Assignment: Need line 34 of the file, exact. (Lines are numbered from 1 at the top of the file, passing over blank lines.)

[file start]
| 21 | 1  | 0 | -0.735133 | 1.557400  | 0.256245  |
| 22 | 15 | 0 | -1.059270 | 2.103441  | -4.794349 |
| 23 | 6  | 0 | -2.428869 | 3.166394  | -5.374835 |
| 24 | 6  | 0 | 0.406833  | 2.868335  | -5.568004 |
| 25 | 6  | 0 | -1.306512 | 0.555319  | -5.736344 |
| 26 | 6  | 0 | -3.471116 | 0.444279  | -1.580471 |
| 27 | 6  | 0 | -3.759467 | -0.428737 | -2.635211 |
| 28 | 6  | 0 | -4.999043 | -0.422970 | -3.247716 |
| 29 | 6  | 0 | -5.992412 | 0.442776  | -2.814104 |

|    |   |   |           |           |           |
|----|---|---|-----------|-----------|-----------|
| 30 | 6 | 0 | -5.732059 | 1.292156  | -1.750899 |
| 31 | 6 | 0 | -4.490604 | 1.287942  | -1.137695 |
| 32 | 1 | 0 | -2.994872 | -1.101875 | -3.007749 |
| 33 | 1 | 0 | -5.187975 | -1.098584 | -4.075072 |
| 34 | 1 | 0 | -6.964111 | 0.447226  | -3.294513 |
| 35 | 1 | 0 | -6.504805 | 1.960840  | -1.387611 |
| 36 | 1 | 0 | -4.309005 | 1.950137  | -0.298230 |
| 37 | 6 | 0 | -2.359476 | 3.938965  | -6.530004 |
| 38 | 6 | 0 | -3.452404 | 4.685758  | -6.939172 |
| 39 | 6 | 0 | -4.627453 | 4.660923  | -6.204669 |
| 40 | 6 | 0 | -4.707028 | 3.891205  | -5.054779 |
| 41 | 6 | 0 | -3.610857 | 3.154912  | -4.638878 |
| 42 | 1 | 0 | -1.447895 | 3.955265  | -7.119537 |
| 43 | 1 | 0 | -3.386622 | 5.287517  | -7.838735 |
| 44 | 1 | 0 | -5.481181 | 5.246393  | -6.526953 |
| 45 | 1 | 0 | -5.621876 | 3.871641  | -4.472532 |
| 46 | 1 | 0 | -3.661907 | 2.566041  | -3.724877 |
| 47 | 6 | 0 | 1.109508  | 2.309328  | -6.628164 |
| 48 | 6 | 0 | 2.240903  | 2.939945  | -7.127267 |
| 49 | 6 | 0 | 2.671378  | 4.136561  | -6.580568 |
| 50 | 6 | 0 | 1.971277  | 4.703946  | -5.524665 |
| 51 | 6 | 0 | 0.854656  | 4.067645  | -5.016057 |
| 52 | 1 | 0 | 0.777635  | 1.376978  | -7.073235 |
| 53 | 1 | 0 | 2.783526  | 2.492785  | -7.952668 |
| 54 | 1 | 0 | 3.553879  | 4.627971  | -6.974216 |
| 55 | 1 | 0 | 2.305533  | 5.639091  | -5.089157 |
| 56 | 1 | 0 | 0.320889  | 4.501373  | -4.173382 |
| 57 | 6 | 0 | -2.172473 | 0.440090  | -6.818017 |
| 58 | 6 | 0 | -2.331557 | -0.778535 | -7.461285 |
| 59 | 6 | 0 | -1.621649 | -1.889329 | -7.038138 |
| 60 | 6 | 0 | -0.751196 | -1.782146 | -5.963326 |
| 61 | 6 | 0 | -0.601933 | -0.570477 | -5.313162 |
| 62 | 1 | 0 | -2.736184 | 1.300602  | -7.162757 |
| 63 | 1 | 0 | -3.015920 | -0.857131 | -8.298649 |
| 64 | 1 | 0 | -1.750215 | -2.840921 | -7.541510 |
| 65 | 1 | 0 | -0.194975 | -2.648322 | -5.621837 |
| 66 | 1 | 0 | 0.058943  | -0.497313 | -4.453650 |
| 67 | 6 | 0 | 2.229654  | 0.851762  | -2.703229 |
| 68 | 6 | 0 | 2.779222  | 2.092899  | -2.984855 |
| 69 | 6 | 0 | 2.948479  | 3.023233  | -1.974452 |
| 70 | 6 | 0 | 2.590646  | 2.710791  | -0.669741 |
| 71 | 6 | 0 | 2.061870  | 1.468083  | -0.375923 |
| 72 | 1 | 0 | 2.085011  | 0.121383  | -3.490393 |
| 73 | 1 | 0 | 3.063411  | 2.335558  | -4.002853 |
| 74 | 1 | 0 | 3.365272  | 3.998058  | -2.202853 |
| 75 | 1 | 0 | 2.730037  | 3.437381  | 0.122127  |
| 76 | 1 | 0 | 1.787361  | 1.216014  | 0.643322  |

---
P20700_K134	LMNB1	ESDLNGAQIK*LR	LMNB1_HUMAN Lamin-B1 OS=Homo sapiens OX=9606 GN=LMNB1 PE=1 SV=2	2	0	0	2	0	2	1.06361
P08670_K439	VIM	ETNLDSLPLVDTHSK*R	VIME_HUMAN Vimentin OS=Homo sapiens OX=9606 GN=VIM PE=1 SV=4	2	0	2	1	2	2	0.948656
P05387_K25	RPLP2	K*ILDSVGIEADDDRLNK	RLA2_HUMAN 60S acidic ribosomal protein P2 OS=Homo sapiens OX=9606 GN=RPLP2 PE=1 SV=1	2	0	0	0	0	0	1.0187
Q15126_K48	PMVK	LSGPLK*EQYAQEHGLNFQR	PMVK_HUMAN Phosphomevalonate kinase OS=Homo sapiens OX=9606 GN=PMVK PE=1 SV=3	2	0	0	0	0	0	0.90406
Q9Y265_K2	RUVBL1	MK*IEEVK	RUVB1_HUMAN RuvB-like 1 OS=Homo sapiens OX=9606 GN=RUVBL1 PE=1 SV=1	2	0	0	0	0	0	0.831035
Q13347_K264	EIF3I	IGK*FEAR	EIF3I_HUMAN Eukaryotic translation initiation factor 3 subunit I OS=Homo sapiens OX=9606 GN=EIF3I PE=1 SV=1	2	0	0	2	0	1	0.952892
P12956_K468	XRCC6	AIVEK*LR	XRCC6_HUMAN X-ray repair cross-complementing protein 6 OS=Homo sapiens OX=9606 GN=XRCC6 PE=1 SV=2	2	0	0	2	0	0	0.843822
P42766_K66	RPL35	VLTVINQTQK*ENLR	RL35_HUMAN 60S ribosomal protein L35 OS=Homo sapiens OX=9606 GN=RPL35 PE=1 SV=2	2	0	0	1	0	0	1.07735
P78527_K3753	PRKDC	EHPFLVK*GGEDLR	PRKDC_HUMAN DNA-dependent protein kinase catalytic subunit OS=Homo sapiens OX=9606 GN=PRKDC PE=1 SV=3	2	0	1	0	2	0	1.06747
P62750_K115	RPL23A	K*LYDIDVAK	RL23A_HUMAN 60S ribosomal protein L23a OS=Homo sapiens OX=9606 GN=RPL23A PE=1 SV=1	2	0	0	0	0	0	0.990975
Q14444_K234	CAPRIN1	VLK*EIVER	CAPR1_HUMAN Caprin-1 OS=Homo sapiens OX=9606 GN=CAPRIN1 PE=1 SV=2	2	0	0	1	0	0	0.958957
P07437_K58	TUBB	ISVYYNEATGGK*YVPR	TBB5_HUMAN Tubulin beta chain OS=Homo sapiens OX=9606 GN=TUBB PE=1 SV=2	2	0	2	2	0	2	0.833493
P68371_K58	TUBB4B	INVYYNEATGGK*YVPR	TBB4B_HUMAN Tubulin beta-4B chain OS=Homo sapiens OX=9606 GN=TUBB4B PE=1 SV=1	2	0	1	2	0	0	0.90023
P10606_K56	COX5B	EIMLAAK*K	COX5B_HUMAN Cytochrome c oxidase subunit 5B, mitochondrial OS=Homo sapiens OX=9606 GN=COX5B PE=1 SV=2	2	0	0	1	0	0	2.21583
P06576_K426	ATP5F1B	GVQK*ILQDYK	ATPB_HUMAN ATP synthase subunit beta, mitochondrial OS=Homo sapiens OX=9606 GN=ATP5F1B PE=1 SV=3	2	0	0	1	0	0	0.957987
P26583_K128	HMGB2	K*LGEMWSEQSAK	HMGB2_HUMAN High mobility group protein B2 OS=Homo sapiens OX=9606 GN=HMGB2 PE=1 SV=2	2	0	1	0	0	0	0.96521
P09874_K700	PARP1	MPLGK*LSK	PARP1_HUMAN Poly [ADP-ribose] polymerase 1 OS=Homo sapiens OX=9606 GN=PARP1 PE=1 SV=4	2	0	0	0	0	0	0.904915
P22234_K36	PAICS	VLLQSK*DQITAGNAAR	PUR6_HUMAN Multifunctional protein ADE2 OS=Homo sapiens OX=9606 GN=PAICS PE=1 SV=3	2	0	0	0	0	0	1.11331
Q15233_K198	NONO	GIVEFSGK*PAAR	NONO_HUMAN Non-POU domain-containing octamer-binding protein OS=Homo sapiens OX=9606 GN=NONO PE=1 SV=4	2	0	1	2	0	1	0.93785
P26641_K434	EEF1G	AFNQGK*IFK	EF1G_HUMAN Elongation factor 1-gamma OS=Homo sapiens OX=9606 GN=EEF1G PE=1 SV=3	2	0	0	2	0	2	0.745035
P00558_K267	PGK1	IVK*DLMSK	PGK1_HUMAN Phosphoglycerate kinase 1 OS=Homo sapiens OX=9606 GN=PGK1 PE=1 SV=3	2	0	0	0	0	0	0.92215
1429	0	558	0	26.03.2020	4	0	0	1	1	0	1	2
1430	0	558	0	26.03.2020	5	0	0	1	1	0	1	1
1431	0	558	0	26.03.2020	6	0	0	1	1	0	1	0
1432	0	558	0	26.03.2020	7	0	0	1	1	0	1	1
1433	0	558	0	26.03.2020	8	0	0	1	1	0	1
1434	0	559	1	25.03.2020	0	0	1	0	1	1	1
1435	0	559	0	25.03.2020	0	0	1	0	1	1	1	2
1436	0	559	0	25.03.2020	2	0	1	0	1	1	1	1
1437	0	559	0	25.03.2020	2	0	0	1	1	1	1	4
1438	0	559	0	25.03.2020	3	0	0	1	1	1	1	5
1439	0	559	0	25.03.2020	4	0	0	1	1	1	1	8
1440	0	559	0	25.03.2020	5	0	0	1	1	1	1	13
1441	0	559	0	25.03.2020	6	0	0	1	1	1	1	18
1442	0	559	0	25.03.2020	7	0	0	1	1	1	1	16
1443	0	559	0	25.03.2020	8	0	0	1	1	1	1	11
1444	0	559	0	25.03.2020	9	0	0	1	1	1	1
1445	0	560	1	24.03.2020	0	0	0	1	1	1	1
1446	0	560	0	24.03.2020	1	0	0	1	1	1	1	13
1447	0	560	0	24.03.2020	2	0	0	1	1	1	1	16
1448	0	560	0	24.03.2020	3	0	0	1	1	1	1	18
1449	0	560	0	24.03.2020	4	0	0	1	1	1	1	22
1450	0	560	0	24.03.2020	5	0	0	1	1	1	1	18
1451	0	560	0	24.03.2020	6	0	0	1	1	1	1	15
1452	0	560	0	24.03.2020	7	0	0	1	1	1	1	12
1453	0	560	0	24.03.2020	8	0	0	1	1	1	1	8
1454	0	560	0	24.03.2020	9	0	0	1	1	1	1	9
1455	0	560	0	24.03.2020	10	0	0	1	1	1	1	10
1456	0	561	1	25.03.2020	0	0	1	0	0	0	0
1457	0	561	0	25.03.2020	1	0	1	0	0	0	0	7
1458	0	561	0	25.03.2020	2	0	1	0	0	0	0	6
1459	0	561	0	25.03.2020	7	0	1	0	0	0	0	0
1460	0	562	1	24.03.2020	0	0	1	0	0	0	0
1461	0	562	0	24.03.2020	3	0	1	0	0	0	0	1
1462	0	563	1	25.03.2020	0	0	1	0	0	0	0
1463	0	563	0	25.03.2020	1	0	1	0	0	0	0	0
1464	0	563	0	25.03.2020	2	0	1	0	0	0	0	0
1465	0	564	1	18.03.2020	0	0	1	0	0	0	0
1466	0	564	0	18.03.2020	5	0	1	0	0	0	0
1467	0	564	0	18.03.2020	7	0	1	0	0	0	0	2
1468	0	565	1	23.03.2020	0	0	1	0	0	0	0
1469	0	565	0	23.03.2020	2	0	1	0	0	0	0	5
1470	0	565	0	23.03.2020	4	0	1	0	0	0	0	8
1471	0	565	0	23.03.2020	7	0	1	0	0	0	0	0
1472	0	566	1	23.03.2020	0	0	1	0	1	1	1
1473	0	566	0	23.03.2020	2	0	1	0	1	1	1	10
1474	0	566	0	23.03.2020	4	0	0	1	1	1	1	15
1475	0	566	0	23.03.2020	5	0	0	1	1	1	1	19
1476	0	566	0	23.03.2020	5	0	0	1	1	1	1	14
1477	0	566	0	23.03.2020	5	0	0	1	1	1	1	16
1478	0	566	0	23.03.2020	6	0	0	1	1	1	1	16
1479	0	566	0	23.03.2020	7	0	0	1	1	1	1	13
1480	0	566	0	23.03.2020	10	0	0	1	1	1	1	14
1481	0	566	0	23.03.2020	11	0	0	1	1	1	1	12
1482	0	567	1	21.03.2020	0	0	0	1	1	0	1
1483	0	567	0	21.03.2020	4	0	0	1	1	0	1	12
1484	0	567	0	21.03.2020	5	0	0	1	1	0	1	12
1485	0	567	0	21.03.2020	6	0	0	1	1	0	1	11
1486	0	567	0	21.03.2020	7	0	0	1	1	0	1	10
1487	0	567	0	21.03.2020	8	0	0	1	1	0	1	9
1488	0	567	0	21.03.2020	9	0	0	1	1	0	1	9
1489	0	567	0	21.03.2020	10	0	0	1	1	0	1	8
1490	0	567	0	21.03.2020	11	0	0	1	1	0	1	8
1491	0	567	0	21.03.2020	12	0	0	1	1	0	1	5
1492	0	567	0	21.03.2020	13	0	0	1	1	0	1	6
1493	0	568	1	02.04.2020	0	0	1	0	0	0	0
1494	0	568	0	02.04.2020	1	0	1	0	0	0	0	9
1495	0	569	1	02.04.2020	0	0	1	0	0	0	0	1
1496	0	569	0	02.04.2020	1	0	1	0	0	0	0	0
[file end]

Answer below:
| 52 | 1 | 0 | 0.777635  | 1.376978  | -7.073235 |